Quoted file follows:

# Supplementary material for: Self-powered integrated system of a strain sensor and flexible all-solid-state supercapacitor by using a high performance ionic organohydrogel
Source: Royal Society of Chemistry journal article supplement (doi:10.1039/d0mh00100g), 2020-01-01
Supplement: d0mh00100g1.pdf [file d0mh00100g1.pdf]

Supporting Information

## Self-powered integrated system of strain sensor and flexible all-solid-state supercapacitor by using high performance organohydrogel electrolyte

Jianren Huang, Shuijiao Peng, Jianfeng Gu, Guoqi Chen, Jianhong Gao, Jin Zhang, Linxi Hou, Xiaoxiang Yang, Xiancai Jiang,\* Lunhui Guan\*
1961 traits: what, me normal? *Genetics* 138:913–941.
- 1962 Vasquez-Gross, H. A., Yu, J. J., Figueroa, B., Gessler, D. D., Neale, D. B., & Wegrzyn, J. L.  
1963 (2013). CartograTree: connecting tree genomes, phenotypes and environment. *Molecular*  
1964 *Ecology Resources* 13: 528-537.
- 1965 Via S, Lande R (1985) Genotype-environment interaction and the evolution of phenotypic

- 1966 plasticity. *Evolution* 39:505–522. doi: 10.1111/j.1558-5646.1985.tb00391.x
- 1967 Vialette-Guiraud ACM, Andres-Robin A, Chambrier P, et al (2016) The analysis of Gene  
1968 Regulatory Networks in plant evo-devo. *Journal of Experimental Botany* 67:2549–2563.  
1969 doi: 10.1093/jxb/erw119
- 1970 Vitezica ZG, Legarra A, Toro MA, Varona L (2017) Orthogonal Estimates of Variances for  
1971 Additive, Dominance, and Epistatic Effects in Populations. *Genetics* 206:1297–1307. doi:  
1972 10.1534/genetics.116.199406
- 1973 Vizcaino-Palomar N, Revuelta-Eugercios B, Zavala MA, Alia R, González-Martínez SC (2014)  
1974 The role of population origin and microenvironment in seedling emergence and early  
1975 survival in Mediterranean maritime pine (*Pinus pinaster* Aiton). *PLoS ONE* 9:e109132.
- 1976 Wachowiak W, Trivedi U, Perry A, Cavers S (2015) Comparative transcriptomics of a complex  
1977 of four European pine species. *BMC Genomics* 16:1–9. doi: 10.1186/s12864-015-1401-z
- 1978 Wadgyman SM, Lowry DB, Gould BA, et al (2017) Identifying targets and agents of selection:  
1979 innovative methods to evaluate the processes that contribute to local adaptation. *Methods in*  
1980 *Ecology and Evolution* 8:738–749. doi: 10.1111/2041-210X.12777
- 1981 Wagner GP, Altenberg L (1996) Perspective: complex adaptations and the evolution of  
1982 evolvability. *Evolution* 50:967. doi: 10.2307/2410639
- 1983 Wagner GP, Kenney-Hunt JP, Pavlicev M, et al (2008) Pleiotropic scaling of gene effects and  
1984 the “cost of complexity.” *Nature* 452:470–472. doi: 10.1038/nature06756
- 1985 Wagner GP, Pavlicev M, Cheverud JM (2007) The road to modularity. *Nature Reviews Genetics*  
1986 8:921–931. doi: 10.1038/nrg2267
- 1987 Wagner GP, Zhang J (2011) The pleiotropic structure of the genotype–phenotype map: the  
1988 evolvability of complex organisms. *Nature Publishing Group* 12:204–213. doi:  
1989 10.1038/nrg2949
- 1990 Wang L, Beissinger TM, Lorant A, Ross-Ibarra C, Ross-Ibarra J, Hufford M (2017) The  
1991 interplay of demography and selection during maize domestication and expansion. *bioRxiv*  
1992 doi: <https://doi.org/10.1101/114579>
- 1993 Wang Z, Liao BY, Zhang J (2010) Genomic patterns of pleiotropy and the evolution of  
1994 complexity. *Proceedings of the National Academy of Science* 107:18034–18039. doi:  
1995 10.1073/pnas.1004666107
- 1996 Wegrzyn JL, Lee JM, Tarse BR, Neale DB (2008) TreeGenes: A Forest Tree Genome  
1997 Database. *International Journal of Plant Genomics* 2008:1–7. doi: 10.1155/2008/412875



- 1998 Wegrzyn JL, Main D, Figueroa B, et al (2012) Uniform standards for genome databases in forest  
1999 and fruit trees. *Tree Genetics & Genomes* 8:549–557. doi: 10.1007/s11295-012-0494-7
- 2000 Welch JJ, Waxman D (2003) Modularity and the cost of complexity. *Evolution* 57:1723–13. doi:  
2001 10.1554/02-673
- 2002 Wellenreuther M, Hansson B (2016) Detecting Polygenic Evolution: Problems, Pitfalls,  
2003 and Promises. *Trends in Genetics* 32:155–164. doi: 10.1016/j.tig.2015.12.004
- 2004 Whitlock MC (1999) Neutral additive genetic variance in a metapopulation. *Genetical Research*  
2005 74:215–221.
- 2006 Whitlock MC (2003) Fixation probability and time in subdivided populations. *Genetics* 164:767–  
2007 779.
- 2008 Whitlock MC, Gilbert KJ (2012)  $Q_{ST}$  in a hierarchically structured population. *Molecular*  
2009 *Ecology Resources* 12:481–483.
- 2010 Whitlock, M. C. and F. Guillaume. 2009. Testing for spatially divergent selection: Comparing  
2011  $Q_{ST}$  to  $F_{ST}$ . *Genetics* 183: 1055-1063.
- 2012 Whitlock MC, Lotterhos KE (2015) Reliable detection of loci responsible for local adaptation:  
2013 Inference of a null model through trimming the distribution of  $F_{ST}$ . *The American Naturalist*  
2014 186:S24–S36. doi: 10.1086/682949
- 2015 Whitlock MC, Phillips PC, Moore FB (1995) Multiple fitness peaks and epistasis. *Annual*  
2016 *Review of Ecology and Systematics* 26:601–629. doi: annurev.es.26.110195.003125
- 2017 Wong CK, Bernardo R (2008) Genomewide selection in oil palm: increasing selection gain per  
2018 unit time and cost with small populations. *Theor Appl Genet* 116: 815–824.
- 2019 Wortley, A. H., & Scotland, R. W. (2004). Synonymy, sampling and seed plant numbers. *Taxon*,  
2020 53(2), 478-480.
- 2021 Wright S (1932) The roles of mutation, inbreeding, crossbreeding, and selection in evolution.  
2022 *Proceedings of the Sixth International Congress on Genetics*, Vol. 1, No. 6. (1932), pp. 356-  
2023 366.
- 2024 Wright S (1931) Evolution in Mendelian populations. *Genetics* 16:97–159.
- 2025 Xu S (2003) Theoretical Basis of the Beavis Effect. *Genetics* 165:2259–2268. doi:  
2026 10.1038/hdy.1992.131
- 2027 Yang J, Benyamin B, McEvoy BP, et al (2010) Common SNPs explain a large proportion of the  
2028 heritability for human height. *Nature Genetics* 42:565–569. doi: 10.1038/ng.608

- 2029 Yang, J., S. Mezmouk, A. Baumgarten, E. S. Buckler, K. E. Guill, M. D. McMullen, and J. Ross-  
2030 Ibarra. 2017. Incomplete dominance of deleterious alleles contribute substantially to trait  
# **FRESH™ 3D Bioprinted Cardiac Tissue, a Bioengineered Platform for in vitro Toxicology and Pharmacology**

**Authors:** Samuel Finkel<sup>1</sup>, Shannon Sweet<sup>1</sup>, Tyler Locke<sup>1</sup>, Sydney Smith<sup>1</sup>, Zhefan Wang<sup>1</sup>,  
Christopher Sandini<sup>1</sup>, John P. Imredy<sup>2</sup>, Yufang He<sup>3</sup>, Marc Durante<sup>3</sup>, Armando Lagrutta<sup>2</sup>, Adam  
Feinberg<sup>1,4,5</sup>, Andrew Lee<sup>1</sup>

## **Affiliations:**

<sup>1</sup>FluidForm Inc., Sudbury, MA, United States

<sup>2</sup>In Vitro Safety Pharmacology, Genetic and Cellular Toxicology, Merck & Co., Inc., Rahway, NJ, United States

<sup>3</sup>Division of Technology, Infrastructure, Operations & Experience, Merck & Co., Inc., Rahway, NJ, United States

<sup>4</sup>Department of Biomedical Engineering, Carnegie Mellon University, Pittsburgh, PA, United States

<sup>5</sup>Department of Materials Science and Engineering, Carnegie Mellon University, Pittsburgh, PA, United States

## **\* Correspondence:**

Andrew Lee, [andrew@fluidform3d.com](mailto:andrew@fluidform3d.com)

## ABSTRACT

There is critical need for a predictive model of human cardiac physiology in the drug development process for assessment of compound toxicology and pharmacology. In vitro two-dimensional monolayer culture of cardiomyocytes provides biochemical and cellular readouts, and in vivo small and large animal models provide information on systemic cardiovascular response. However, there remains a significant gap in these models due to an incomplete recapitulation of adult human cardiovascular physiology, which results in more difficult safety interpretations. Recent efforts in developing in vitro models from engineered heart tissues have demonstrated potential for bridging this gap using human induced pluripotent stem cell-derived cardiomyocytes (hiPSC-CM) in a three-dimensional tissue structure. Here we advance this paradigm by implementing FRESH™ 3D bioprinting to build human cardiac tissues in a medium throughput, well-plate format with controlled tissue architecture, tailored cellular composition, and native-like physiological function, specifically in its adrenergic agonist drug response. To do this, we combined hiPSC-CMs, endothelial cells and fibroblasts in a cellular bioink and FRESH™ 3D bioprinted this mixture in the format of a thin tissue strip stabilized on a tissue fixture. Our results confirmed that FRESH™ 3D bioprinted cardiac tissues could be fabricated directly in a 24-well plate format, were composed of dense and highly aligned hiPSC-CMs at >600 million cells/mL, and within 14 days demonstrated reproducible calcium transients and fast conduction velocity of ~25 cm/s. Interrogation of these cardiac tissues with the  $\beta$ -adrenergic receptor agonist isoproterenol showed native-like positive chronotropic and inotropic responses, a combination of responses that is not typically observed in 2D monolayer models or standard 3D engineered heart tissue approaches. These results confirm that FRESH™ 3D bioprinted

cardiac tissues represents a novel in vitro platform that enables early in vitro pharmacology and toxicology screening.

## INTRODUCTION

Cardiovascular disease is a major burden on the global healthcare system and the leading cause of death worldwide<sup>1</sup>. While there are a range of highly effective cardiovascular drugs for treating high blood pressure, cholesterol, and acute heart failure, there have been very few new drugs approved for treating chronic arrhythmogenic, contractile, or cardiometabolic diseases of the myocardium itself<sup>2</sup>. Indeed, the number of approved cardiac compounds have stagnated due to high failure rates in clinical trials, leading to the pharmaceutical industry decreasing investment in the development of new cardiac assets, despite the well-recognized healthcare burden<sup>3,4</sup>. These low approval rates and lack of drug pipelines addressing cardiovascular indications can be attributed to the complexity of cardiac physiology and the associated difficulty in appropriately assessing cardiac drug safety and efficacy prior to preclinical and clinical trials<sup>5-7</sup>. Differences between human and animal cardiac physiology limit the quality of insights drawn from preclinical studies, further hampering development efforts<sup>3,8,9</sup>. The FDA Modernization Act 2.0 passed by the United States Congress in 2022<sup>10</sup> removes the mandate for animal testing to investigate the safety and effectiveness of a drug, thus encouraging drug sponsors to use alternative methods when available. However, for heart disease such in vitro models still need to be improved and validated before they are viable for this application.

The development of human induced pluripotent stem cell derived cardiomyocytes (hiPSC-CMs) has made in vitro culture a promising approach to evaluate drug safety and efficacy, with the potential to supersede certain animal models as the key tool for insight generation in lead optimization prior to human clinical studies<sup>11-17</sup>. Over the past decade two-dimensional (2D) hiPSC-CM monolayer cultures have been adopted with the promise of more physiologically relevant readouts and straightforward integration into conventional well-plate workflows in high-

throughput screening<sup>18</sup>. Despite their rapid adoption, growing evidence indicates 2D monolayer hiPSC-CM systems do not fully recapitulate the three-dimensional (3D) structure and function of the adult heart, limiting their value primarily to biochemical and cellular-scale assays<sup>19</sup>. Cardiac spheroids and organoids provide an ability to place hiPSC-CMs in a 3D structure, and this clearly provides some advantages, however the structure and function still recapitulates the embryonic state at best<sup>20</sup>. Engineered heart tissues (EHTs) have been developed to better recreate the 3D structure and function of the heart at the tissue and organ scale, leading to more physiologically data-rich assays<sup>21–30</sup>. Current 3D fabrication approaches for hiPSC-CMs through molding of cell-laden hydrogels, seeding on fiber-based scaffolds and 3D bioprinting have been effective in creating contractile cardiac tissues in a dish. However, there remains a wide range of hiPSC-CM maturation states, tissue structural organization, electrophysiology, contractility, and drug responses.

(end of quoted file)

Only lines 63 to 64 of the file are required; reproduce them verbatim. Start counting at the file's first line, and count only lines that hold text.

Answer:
- 2017 Wong CK, Bernardo R (2008) Genomewide selection in oil palm: increasing selection gain per  
2018 unit time and cost with small populations. *Theor Appl Genet* 116: 815–824.